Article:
During pregnancy, women may need to consider different options for treating certain health issues.
The American Academy of Dermatology (AAD) offers some suggestions for pregnant women living with the common skin conditions eczema and psoriasis.
“Women may consider their health care decisions differently during different stages of their lives,” said Chicago dermatologist Dr. Elizabeth Kiracofe, an expert in eczema and psoriasis.
“The potential for motherhood requires constant vigilance in evaluating medical choices, which is why it’s important for women living with eczema and psoriasis to partner with a board-certified dermatologist,” she said in an academy news release.
Psoriasis and eczema affect men and women differently, according to the AAD. Women who are harder hit by the conditions are also more likely to experience depression, some research has shown.
“The medicines most commonly used as a first option to treat both eczema and psoriasis do not affect birth control, impact fertility, time to conception or the ability to breastfeed after pregnancy,” Kiracofe said. “However, traditional medications that suppress the immune system are often not recommended during pregnancy.”
Among the safest and most widely used treatments are moisturizers to help the skin’s ability to protect itself. Other safe and popular options are low- to mid-strength corticosteroids to treat mild flares, and phototherapy, in which the skin is exposed to a specific type of ultraviolet light under a dermatologist’s supervision.
It’s important to bring a dermatologist into the conversation early, to discuss best and safest options with a woman’s ob-gyn, Kiracofe said.
“It is unfortunate to me how often women think they have to stop all treatment during pregnancy, so I am always happy to share that we actually have a number of options with very good safety data,” she said. ‘Pregnancy is hard enough without women also having to deal with an itchy rash.”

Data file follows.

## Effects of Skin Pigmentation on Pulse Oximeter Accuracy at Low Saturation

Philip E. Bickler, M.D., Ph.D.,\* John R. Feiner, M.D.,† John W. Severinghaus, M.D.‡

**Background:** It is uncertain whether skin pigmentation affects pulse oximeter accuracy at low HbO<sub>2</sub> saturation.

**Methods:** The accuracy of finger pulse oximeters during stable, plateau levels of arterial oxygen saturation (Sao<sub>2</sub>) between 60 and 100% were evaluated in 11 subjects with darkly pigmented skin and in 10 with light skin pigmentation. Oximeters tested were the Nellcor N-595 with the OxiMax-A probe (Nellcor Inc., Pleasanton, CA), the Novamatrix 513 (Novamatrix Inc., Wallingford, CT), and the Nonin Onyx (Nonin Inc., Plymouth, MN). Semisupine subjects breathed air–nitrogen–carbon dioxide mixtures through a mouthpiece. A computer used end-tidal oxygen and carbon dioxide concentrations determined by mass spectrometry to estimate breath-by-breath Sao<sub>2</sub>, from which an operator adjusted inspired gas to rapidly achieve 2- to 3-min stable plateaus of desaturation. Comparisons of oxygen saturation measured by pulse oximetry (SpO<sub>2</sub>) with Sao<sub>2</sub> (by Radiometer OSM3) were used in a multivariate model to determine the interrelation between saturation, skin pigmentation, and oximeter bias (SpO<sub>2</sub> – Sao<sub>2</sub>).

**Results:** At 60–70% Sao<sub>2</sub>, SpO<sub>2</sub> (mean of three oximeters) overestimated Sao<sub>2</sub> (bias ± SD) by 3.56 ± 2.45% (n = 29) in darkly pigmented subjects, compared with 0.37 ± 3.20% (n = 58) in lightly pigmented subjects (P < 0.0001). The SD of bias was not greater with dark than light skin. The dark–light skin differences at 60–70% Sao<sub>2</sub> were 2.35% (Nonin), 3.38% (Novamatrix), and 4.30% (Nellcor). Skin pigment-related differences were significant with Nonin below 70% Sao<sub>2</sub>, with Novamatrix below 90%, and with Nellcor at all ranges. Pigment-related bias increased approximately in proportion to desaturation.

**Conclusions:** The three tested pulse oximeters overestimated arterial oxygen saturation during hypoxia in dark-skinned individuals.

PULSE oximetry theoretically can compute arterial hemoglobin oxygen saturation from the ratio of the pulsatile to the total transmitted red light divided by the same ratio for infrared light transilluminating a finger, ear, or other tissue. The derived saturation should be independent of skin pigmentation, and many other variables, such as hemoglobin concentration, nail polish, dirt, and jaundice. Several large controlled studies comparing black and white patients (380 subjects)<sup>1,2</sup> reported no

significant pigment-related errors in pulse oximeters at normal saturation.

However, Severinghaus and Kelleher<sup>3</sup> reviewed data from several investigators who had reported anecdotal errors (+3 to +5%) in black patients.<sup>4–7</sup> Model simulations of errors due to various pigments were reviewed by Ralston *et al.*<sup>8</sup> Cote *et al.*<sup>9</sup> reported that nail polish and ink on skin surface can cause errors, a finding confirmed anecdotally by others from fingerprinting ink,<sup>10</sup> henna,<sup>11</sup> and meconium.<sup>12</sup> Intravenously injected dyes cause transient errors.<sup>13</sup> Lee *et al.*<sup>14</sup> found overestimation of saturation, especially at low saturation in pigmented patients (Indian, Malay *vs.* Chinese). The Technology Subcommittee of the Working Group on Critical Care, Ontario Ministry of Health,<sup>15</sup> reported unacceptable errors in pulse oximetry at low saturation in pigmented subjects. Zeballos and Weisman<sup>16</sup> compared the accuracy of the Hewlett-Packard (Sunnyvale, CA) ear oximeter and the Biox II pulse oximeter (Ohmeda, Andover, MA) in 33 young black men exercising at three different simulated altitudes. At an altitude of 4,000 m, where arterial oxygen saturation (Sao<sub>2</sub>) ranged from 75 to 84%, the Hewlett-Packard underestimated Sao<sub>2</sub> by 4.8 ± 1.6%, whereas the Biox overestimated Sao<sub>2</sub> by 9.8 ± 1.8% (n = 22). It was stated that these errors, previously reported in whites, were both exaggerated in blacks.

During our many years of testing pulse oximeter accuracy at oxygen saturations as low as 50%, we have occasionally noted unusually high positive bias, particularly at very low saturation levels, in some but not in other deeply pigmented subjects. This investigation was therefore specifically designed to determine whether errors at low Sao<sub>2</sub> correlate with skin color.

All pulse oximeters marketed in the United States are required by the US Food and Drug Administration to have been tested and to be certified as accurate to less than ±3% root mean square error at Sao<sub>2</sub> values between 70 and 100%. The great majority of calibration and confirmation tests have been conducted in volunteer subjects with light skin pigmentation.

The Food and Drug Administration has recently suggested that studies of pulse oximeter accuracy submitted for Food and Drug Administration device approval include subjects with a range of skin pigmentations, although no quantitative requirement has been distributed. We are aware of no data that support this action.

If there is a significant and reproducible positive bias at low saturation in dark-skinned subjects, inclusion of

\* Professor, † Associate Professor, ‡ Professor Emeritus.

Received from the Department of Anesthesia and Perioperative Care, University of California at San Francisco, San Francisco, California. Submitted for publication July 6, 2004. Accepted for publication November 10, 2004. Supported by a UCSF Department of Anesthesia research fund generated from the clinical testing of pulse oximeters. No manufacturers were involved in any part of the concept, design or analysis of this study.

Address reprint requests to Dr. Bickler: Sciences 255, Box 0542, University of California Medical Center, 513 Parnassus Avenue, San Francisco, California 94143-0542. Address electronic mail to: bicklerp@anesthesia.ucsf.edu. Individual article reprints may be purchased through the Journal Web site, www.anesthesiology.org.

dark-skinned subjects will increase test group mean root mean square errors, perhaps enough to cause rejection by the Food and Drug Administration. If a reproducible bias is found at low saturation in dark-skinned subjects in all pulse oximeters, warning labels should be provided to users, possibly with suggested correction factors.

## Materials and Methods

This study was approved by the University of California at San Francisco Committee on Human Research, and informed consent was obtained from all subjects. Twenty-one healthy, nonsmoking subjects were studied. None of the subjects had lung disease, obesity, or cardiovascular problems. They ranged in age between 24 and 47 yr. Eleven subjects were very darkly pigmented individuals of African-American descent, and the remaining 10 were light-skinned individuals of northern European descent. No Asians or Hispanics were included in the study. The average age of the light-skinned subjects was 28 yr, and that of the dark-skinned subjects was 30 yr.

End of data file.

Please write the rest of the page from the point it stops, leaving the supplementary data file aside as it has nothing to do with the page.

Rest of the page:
Although new targeting medicines are not specifically approved for use during pregnancy and often need to be discontinued, they represent advances for patients with these skin conditions.
“These medicines interfere with signals in the body that are thought to cause inflammation, and therefore are effective in reducing itch and clearing the skin for both eczema and psoriasis,” Kiracofe said. “What is most exciting about these new medicines is they are becoming more precise at targeting the source of the disease and are increasingly safer and more effective for patients.”
Pregnancy registries also play a vital role in helping dermatologists determine what treatment options can best support their patients, according to the AAD.
These collect health information from women who take prescription medicine while pregnant, allowing researchers to better assess safety and effectiveness of certain treatments.
Menopause, too, may affect a woman’s skin, the AAD noted. Changing hormone levels may make menopausal women more prone to developing itchy rashes or psoriasis flares. A decrease in estrogen can also cause the skin to become drier and less resilient.
“It’s important to remember that dermatologists can help women treat their skin conditions during every stage of their lives, especially when they are considering starting a family,” Kiracofe said. “Our goal is to guide them through a shared decision-making process and support them in deciding which treatment plan is best for their unique situation.”
The U.S. Centers for Disease Control and Prevention has more on psoriasis.
SOURCE: American Academy of Dermatology, news release, March 17, 2023
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